Your Attitude Via Subtext

Our character is basically a composite of our habits. Because they are consistent, often unconscious patterns, they constantly, daily, express our character.” – Stephen Covey

There have been many conversations about whether authors should share their political views, particularly in the past few years. One of the things that bothers me about even raising the question is that every person has a right to free speech. 

It also bothers me that so many of us take the view that being silent equals being complicit. I have that view. “As we say in Germany, if there’s a Nazi at the table and 10 other people sitting there talking to him, you got a table with 11 Nazis.”

Think of it this way. You’re in high school and walking with a friend. A group of popular kids surround both of you. These chastise you for hanging out with a loser when you could hang out with them and then they start calling your friend horrific things.

If you leave and hang out with the popular kids you’ve betrayed your friend.

If you say nothing and watch while your friend is harassed, you’ve also betrayed them.

Your lack of action is still a choice, and it says a lot about you.

In literary terms there’s a word for that. Subtext. “The implicit or metaphorical meaning (as of a literary text)”

Or, in other words, hidden meaning in the text. 

There can be more than one hidden meaning. I recognize that a lot of newer writers don’t think about subtext when they tend to be very ‘on the nose’ and repeat and summarize and underscore in the main text to make sure that in case you didn’t get it the first three times, this is the point. 

It’s a common mistake, but even when writers think about subtext in general, they don’t always think about what their writing can betray about their own beliefs and attitudes.

My husband was reading submissions the other day and told me about a submission he put in the ‘no’ category. He pointed to the first evidence of homophobia in the text. There was a possibility it was character establishment, because it was character dialogue. In that case, it was potentially warranted for the purposes of character development.

As the submission progressed there were more references. In the overall context of the work, it made no difference for the theme of the story or for the specific character. The homophobic jabs recurred in dialogue and narrative without necessity.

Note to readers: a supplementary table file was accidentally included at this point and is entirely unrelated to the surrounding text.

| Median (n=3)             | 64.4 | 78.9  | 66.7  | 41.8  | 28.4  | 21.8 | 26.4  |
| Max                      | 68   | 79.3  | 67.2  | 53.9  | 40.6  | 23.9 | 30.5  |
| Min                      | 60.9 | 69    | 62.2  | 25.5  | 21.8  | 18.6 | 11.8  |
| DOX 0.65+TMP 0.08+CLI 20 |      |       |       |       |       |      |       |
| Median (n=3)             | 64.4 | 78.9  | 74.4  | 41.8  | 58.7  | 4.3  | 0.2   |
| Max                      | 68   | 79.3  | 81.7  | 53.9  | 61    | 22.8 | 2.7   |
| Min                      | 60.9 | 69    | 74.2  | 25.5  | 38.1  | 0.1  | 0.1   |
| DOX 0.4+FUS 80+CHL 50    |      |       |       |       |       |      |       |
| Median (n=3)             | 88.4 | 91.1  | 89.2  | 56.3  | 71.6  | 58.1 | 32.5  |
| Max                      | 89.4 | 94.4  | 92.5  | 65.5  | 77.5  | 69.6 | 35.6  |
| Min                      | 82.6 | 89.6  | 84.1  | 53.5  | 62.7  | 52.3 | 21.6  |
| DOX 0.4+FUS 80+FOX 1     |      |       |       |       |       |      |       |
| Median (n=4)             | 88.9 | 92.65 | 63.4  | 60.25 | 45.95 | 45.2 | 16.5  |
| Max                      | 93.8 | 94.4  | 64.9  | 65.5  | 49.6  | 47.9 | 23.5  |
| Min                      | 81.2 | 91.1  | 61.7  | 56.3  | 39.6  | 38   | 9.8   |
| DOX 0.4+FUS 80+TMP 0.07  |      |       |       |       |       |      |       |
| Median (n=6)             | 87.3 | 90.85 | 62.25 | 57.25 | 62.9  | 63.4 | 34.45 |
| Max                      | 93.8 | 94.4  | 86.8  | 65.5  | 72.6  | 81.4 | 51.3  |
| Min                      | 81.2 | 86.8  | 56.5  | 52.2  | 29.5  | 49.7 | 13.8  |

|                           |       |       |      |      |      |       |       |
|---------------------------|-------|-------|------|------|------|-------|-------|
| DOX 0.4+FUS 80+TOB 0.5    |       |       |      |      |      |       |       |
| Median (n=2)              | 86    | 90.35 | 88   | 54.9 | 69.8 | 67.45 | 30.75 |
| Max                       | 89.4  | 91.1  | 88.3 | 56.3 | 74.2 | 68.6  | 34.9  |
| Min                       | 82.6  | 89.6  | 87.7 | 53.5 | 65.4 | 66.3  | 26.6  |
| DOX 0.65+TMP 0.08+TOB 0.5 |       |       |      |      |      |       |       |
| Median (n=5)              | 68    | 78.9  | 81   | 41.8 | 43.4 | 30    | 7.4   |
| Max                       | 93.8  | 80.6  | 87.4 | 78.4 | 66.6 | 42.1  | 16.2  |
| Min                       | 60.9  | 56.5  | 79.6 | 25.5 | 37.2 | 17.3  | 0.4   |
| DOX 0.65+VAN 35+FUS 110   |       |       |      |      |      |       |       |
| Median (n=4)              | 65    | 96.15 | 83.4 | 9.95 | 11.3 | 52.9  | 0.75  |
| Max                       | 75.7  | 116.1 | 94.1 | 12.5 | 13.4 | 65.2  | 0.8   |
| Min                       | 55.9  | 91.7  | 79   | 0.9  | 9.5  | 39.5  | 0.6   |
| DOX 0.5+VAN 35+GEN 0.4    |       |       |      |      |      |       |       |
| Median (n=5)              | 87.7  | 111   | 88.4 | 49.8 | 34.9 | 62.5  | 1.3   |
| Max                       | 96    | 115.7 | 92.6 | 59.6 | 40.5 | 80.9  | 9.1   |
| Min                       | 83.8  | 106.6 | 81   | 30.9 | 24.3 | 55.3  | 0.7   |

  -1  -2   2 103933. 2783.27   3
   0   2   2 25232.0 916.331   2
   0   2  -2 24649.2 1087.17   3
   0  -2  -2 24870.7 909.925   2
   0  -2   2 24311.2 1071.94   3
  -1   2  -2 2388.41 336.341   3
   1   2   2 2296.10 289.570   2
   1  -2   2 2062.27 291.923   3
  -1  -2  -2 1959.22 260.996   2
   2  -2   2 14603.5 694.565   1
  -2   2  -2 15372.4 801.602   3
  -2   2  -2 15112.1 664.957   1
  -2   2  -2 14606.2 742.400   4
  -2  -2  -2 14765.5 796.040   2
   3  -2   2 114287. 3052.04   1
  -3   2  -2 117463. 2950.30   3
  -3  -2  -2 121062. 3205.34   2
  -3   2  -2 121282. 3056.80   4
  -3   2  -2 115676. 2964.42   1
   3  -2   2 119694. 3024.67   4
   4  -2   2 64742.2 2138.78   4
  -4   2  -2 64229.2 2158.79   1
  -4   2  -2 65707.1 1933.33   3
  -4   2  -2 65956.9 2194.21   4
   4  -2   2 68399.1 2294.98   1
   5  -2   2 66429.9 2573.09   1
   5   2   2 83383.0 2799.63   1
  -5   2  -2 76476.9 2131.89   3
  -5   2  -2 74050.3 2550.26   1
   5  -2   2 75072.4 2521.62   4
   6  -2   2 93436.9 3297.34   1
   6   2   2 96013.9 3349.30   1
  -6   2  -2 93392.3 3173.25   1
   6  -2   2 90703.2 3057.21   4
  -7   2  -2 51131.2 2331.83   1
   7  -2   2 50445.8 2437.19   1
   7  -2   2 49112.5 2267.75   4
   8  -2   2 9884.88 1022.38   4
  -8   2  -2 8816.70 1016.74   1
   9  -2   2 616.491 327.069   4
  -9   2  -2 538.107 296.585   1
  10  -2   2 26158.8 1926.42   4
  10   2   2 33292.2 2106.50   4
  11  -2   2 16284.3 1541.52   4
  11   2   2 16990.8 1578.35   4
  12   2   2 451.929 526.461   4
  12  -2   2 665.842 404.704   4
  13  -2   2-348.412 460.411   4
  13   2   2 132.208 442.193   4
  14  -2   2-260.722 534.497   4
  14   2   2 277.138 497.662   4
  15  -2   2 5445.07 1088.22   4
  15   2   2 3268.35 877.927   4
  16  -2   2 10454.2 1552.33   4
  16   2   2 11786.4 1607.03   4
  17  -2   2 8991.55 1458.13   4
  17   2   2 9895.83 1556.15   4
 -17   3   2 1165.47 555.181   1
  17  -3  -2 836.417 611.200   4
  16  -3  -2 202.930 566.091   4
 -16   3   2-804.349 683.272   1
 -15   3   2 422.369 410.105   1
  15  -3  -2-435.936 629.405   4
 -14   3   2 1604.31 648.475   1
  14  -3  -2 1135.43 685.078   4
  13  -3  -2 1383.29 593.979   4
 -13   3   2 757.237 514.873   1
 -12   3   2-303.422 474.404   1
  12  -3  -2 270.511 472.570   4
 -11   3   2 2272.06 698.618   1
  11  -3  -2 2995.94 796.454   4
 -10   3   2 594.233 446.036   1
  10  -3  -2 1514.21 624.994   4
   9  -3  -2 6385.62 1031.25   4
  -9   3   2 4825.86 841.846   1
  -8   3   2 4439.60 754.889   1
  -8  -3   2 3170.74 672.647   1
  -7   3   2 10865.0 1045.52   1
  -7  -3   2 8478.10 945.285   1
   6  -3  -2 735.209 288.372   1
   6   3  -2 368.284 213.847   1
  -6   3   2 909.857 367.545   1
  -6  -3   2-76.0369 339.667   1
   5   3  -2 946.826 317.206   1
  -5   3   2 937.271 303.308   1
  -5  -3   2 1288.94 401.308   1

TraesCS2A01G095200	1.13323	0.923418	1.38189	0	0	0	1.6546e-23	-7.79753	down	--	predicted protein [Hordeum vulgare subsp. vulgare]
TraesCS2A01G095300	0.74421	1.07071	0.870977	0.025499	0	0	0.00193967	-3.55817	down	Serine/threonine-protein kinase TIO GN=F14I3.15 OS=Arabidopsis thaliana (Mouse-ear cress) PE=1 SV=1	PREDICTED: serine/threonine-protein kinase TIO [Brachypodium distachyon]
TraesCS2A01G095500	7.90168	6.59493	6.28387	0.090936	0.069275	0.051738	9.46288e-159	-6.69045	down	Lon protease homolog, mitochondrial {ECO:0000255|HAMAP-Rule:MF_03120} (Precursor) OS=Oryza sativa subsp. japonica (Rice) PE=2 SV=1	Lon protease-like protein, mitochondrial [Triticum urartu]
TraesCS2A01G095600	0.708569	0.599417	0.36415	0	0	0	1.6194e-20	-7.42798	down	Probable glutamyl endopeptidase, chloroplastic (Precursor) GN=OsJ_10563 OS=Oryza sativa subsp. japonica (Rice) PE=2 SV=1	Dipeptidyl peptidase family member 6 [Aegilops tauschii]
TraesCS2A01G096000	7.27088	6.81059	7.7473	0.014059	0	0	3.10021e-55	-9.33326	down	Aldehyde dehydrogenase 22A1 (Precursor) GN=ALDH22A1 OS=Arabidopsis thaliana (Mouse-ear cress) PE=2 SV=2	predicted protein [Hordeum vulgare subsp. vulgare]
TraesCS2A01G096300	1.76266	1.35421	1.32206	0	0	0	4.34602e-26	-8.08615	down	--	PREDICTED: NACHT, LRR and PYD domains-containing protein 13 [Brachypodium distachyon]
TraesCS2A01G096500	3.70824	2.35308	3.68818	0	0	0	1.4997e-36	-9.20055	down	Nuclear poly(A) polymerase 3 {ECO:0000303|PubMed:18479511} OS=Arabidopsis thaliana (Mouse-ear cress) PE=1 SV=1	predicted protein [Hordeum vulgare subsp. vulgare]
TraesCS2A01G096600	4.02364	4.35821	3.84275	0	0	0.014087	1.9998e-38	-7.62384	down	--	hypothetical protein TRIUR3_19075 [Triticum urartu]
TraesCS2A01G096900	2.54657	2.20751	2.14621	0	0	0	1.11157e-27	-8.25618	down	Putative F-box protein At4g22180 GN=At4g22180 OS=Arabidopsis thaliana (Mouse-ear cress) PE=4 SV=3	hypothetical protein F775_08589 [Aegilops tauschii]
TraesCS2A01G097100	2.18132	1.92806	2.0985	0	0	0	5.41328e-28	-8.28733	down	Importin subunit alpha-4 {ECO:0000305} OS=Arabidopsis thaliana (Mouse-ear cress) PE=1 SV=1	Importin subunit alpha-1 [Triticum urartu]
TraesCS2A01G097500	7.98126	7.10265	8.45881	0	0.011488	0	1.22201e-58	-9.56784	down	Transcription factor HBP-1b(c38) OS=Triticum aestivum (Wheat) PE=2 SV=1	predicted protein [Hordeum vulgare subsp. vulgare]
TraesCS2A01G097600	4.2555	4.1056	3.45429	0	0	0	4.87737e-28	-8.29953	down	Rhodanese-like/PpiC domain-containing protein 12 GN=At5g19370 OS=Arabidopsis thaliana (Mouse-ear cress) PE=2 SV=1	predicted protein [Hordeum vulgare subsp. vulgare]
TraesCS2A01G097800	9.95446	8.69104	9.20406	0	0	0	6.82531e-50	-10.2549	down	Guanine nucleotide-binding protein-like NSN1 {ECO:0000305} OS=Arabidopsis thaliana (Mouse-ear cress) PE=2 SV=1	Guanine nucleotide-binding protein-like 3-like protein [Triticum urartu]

Once could be characterization. Twice even, depending on the length of the work. But a skilled writer knows they never need to say something more than once to make the point; trust the reader. Readers are smart. From years of reviewing, publishing and writing crime fiction I know how important it is to trust readers with clues in a mystery. I also know that I would much prefer that I realize the writer put something on the page once and I missed it than have the author feel the need to tell me something again and again.

They may as well tell me they think I’m stupid.

We can all fall into the trap of repeating something, but one repeat is the maximum, and it had better be worth it in the context of the story. The more you repeat, the more you’re padding your story with filler and telling your audience that you don’t trust them to pay attention.

While some of this can be edited out from manuscripts, some of the repetitions are problematic.

For example, a manuscript riddled with homophobic references. 

When these references don’t have anything to do with the story being told there’s a good chance it means the author is allowing their own attitudes to slip through into the text.

The subtext then tells you something about them. They are likely homophobic.

And if this work is riddled with these types of references what else have they published that also betrays this attitude?

As a publisher we have to consider these things. Our goal here is to have a welcoming, safe space for all readers and writers, no matter what their religion, race, sexual orientation or gender is. 

Can we create that safe space for readers and writers if we publish people with homophobic, racist or sexist attitudes?

We do not have time to investigate every single person who submits a short story or manuscript to us, so it is possible that some people we would disagree with can slip through the cracks.

However, it’s more likely that people with these attitudes will let their views slip through the cracks in their writing and their subtext will betray them.

We will reject a work based on negative inference from subtext alone.

We will also point out these potential concerns to readers in reviews on Bronzeville Bee if we feel that references in a work exceed what is necessary to establish a negative attitude with a character. In a review our obligation is to the readers, not the writers.

We live in a very public world now, where people can go on social media and feel like they know you in a short span of time. Some people are extremely cautious with their social media profiles, but others do not consider what slips through. Are you a man who only recommends books by other men? Is every book on your annual ‘best of’ list written by a cis white guy? 

Do you read, link to, and write for sites with regular contributors who have expressed racist and/or sexist attitudes through their actions? How is that not being complicit? You are turning a blind eye to that conduct and excusing it.

Once is possible. Twice is suggestive. Anything more than that is a pattern. 

Creativity involves breaking out of established patterns in order to look at things in a different way.”Edward de Bono

Nobody is obligated to read your work. As an editor, it’s my job to consider whether or not you are bringing something fresh and entertaining or insightful to the table. If I have reason to believe that your work is a platform for promoting sexist, racist or bigoted views I have no reason to read it, and I certainly have no obligation to publish it.